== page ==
The maxim ‘content is king’ has been so overused by the marketing and communications community since it was coined 20 years back that it has attained cliché status. Everyone parrots it, it’s accepted as a truism, and as such it doesn’t trigger urgency or action in those who say or hear it. Like a children’s playground ditty, it’s become a tattered and careworn part of the aural wallpaper that surrounds us. “Content is king, dilly dilly / Context is queen …”
Many – incorrectly – attribute the dictum to Microsoft founder and Billanthropist, Mr Gates. In fact, it was the creation of the veteran media magnate, Sumner Redstone, one-time executive chair of both CBS and Viacom. Mr Redstone stepped down from his illustrious career in his nineties, and at about the same time – half-a-dozen years back – marcomms folk decided they needed a new frame of reference to galvanise themselves and explain the role they bring to business.
So enter storytelling, stage left. Corporate and brand storytelling, with its narrative arcs and hero’s journeys. Rooted in oral storytelling culture – from Homer to the narrators of the Jemaa el-Fnaa in Marakech – story has universal human appeal. It helps us understand our own, day-to-day trials and dilemmas through the epic prism of Harry Potter, Romeo and Juliet, or Anakin Skywalker.
And storytelling now has increasing appeal in the world of business communications. Which is why, as the founder of corporate and brand storytelling consultancy, Insight Agents, I was so excited to discover a new podcast called The Business of Story nine months back. Curated out of Phoenix, Arizona, by Park Howell of super-smart business storytellers Park & Co, the podcast brings together some of the world’s best storytellers from two worlds that are bumping into each other more and more and to great effect: Sunset Boulevard and Madison Avenue, Tinsel Town and Mad Man Ad Land.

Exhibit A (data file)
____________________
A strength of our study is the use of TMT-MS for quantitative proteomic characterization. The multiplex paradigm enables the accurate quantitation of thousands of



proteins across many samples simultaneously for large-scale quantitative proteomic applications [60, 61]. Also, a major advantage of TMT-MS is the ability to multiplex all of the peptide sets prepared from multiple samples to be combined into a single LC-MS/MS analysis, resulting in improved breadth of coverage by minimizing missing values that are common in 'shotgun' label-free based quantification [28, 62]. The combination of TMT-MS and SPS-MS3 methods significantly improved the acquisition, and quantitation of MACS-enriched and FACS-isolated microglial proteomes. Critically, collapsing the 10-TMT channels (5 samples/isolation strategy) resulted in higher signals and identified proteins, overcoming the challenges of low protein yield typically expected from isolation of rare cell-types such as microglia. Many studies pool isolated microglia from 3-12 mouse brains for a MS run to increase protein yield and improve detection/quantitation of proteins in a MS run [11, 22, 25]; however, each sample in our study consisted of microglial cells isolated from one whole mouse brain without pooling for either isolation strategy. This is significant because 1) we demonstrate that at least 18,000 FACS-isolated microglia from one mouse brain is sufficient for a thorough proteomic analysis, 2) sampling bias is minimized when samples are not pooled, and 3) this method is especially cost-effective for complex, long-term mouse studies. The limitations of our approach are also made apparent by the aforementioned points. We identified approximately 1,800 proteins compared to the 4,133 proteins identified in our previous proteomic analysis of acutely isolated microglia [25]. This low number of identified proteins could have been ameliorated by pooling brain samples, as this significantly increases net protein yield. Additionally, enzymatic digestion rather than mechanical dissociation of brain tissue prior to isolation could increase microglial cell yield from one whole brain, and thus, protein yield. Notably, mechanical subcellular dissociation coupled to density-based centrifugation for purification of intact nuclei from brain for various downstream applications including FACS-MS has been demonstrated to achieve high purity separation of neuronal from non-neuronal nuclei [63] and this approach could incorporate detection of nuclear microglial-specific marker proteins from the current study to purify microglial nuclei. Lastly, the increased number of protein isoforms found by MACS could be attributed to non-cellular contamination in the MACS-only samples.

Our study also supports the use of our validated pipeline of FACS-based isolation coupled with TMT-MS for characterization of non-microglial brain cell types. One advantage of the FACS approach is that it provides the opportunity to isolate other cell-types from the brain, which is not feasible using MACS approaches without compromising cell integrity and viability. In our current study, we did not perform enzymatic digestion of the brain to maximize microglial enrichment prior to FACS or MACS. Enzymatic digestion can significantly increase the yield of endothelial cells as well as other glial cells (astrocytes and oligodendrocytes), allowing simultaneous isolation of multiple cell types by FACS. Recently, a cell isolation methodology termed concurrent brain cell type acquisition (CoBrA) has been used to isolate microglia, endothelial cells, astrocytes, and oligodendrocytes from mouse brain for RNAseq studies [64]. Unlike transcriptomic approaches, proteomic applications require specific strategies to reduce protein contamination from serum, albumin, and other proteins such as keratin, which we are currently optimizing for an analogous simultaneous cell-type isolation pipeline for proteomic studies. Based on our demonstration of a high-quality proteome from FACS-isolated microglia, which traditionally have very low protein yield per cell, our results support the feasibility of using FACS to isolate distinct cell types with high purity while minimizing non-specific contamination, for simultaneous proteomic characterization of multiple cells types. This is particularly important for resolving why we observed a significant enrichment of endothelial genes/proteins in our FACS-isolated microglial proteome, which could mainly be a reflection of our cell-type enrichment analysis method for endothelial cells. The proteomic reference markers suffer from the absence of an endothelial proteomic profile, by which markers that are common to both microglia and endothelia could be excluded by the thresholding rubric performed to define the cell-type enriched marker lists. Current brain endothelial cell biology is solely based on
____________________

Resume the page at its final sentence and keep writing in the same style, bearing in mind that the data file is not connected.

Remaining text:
In his business, Park has adapted the theory behind Joseph Campbell’s hero’s journey – or monomyth – into an intensely practical, ten-step Story Cycle process to help businesses frame and understand their own stories. Now depending on who you read and believe, Campbell’s theory can have between 17 and 166 different phases or sections, both numbers utterly useless and impractical to businesses needing to communicate; to tell stories. That’s why I find Park’s repurposing on the theory so attractive – and so darned useful when working with clients. From blogs and white papers to awards entries and on to corporate statements of purpose, I find it an increasingly useful way of looking at the world.
And so it was that I was honoured and not a little intimidated to be the guest on The Business of Story in an episode released on Easter Monday. Honoured, because it’s a thrill and a grip to be the subject of a medium and a meme with which I’m so familiar; intimidated, because Park asked me to use the Story Cycle on myself – my own life and career, leading to the creation of Insight Agents – and also on a client story. I chose a campaign about food quality at Tesco I developed some years back – before the retailer’s current woes – called Producers As Heroes.
If you have an hour to fill in your week, on a train or plane or when trying to relax, I’d always recommend Park’s Business of Story. This week, I’ve got an even stronger vested self-interest. And of course, I’d love to hear your reaction to my own stories.
Sam Knowles is Founder & MD of Insight Agents. He helps companies, brands, and third-sector organisations find simple, true, and authentic language. This gives them the tools, permission, and confidence they need to communicate effectively. His purpose is to help organisations talk like people.
Sam has recently written a book called Narrative by Numbers: How to Tell Powerful & Purposeful Stories with Data. It was published in April 2018 by Routledge. More at www.narrativebynumbers.com